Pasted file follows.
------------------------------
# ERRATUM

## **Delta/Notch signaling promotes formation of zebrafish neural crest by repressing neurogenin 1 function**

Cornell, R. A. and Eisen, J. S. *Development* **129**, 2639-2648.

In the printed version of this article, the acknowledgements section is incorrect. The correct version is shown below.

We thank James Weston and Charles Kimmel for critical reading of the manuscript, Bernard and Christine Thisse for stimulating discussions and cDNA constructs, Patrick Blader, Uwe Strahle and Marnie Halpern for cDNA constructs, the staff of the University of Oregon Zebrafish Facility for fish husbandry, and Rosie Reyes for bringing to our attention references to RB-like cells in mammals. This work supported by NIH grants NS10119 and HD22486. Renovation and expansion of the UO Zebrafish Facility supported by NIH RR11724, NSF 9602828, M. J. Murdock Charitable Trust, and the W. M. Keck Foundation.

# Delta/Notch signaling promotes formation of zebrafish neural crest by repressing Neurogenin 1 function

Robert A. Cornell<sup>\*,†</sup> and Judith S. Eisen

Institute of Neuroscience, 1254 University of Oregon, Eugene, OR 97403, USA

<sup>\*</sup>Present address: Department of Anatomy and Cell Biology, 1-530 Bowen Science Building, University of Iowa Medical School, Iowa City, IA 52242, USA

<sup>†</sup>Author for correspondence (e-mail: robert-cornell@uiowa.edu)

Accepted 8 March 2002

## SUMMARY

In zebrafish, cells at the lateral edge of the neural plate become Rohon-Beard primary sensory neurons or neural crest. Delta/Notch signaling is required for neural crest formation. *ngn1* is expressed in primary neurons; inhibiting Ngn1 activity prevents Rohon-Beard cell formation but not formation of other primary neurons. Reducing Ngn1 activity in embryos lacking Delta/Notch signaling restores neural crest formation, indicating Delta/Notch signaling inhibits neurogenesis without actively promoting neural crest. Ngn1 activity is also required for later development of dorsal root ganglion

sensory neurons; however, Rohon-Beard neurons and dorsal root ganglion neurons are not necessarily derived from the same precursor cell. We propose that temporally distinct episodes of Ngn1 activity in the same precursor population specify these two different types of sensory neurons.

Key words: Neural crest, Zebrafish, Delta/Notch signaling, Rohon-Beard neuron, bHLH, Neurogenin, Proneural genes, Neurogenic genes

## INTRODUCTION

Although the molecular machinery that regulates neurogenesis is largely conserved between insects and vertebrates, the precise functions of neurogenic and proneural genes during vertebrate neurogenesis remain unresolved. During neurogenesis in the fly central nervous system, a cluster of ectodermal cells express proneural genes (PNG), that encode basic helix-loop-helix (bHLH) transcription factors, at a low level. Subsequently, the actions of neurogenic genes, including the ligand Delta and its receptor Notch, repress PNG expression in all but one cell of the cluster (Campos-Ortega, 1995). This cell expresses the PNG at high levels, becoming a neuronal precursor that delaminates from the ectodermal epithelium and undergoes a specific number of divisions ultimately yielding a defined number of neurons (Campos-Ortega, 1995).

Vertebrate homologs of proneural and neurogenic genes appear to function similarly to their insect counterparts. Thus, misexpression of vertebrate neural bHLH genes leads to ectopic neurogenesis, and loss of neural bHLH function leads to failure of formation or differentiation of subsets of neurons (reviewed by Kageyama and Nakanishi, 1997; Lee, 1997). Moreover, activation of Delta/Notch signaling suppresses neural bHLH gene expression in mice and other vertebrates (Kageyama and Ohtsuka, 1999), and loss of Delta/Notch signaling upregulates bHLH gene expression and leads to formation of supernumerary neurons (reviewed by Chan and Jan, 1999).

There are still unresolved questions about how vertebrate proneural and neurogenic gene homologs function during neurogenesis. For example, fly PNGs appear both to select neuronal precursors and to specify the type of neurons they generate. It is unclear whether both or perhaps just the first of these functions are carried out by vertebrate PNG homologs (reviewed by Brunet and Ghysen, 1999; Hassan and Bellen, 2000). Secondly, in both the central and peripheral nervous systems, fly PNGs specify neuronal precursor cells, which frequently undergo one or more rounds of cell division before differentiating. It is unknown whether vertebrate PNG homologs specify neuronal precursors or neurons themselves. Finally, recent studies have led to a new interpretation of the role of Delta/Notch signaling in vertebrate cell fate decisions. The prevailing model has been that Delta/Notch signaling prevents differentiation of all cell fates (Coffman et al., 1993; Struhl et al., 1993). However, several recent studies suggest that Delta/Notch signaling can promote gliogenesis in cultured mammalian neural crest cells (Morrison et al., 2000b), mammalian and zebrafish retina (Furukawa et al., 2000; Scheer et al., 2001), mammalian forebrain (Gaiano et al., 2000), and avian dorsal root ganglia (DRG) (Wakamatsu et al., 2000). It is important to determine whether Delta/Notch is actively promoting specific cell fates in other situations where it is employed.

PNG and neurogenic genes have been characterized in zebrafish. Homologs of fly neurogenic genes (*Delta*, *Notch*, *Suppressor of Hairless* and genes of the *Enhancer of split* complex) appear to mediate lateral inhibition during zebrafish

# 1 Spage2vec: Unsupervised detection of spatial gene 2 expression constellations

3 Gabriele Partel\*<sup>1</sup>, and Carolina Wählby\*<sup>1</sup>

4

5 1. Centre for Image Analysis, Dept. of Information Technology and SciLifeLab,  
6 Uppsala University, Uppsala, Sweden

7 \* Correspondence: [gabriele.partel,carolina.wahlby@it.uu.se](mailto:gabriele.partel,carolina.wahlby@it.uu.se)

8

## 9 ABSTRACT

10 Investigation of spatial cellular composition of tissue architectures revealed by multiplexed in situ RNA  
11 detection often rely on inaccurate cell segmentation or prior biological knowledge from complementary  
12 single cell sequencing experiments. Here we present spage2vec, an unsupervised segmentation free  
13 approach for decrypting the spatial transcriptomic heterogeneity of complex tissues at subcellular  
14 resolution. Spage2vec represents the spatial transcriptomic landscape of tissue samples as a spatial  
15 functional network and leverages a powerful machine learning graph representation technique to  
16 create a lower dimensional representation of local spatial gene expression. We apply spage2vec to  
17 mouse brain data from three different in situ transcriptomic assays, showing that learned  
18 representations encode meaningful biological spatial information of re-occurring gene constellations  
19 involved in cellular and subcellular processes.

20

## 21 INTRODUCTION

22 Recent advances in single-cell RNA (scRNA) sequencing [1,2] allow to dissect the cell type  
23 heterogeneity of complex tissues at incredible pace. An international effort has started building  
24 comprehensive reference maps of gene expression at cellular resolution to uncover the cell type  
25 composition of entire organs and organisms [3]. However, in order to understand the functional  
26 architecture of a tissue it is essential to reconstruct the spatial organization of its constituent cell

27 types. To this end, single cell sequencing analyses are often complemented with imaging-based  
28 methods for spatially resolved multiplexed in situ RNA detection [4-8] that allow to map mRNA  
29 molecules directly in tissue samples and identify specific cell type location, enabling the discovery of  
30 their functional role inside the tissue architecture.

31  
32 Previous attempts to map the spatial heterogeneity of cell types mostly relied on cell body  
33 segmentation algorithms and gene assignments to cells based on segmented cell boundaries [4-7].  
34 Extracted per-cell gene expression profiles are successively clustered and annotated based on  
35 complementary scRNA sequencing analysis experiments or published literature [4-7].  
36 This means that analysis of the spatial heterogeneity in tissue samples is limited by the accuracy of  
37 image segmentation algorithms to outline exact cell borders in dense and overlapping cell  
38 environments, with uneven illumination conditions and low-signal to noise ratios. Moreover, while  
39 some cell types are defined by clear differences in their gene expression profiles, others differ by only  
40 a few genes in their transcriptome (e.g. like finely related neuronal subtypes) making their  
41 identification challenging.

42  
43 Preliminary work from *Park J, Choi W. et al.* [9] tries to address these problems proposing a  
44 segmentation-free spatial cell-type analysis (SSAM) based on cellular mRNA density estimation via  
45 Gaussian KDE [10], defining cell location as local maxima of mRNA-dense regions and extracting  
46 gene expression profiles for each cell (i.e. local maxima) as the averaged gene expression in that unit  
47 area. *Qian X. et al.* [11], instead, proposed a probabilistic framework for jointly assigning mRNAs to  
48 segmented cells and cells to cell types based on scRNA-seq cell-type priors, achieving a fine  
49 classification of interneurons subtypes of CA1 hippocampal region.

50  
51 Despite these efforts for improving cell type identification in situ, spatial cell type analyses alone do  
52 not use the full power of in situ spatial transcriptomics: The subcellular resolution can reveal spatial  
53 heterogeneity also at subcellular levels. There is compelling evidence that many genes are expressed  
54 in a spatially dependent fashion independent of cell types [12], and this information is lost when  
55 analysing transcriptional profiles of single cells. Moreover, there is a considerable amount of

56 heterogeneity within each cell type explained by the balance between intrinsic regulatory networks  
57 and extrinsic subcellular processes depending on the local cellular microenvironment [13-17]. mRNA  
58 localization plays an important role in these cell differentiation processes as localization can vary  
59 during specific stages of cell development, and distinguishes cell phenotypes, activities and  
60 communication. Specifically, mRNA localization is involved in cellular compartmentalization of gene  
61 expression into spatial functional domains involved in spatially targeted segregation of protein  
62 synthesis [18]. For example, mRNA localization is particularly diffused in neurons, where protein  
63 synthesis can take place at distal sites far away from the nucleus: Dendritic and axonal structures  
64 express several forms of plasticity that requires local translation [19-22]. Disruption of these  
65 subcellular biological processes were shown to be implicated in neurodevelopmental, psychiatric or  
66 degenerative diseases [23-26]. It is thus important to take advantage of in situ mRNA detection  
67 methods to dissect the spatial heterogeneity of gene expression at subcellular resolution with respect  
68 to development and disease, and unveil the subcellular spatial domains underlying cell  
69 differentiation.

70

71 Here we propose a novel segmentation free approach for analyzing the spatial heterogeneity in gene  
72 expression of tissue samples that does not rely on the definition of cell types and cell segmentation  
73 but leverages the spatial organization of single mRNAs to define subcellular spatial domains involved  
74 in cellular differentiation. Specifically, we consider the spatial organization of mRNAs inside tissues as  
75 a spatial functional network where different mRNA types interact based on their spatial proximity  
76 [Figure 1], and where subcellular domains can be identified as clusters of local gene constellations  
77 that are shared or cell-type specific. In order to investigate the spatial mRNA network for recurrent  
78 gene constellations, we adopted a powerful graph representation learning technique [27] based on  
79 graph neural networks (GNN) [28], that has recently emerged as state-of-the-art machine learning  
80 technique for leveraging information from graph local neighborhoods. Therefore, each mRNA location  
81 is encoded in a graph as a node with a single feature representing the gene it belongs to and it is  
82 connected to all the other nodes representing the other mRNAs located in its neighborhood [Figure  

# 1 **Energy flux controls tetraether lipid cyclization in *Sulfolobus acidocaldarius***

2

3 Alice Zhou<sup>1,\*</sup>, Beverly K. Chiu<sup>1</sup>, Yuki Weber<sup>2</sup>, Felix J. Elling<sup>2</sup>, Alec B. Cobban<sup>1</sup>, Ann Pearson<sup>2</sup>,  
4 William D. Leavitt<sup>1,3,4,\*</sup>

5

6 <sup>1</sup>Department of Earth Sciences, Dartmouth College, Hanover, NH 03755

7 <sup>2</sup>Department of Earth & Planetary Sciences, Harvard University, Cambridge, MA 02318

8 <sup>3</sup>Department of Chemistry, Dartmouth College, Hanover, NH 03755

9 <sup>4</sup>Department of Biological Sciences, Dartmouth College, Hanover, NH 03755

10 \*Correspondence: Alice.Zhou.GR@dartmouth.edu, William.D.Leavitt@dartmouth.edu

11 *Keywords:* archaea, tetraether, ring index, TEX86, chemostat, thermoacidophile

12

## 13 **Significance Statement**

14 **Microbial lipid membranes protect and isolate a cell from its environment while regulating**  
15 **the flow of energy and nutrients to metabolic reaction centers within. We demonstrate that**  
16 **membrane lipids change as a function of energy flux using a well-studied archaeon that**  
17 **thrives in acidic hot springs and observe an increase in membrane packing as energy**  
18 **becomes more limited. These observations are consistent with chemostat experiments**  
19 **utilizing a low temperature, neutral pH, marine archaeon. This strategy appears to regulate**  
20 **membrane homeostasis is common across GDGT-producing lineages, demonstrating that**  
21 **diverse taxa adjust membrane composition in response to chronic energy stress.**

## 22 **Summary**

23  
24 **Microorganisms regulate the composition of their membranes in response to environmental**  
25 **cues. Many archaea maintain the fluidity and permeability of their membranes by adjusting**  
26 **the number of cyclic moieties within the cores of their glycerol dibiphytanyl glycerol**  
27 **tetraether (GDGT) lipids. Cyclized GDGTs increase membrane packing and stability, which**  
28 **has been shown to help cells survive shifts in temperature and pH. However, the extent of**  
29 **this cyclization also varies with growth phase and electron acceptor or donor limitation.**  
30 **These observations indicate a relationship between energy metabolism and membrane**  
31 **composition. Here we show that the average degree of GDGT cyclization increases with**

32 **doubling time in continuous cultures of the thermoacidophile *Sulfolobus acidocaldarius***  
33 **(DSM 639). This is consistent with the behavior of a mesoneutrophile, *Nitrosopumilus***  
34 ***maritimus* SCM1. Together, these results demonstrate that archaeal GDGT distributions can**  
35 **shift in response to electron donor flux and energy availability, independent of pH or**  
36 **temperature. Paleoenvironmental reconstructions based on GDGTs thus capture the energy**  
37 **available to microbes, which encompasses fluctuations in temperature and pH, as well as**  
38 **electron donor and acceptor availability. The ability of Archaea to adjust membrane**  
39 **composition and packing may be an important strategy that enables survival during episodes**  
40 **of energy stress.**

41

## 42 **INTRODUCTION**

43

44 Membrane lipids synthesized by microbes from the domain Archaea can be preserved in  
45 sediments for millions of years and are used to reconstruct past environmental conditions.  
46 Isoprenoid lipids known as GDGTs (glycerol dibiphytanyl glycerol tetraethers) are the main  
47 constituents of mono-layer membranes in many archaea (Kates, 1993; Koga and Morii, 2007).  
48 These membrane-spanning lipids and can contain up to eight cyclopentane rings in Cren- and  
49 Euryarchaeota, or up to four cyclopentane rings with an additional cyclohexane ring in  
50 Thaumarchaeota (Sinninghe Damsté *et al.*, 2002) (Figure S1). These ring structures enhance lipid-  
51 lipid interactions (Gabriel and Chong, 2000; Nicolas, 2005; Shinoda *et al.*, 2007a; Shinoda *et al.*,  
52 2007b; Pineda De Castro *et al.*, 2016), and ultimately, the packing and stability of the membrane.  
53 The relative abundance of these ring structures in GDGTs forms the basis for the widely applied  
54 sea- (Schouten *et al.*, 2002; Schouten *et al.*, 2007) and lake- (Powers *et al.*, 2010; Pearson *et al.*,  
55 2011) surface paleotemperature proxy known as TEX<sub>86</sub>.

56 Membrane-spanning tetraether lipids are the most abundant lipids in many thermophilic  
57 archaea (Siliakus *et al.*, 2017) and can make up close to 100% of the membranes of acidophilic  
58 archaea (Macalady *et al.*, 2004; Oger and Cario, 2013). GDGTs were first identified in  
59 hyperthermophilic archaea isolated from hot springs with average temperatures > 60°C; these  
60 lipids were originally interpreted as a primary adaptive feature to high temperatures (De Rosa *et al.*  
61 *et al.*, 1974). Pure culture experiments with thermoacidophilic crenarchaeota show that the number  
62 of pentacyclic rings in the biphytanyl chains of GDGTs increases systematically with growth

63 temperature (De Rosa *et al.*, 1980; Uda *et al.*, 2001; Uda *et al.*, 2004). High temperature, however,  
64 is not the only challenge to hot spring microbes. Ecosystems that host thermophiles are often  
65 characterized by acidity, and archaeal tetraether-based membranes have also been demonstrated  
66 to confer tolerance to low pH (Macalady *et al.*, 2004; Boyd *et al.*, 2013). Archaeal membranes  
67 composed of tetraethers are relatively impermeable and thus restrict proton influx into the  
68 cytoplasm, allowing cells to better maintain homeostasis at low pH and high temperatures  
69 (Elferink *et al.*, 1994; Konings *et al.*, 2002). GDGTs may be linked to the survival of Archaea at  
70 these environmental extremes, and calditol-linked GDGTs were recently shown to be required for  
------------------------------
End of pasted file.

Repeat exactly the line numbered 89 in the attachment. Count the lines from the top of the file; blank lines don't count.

70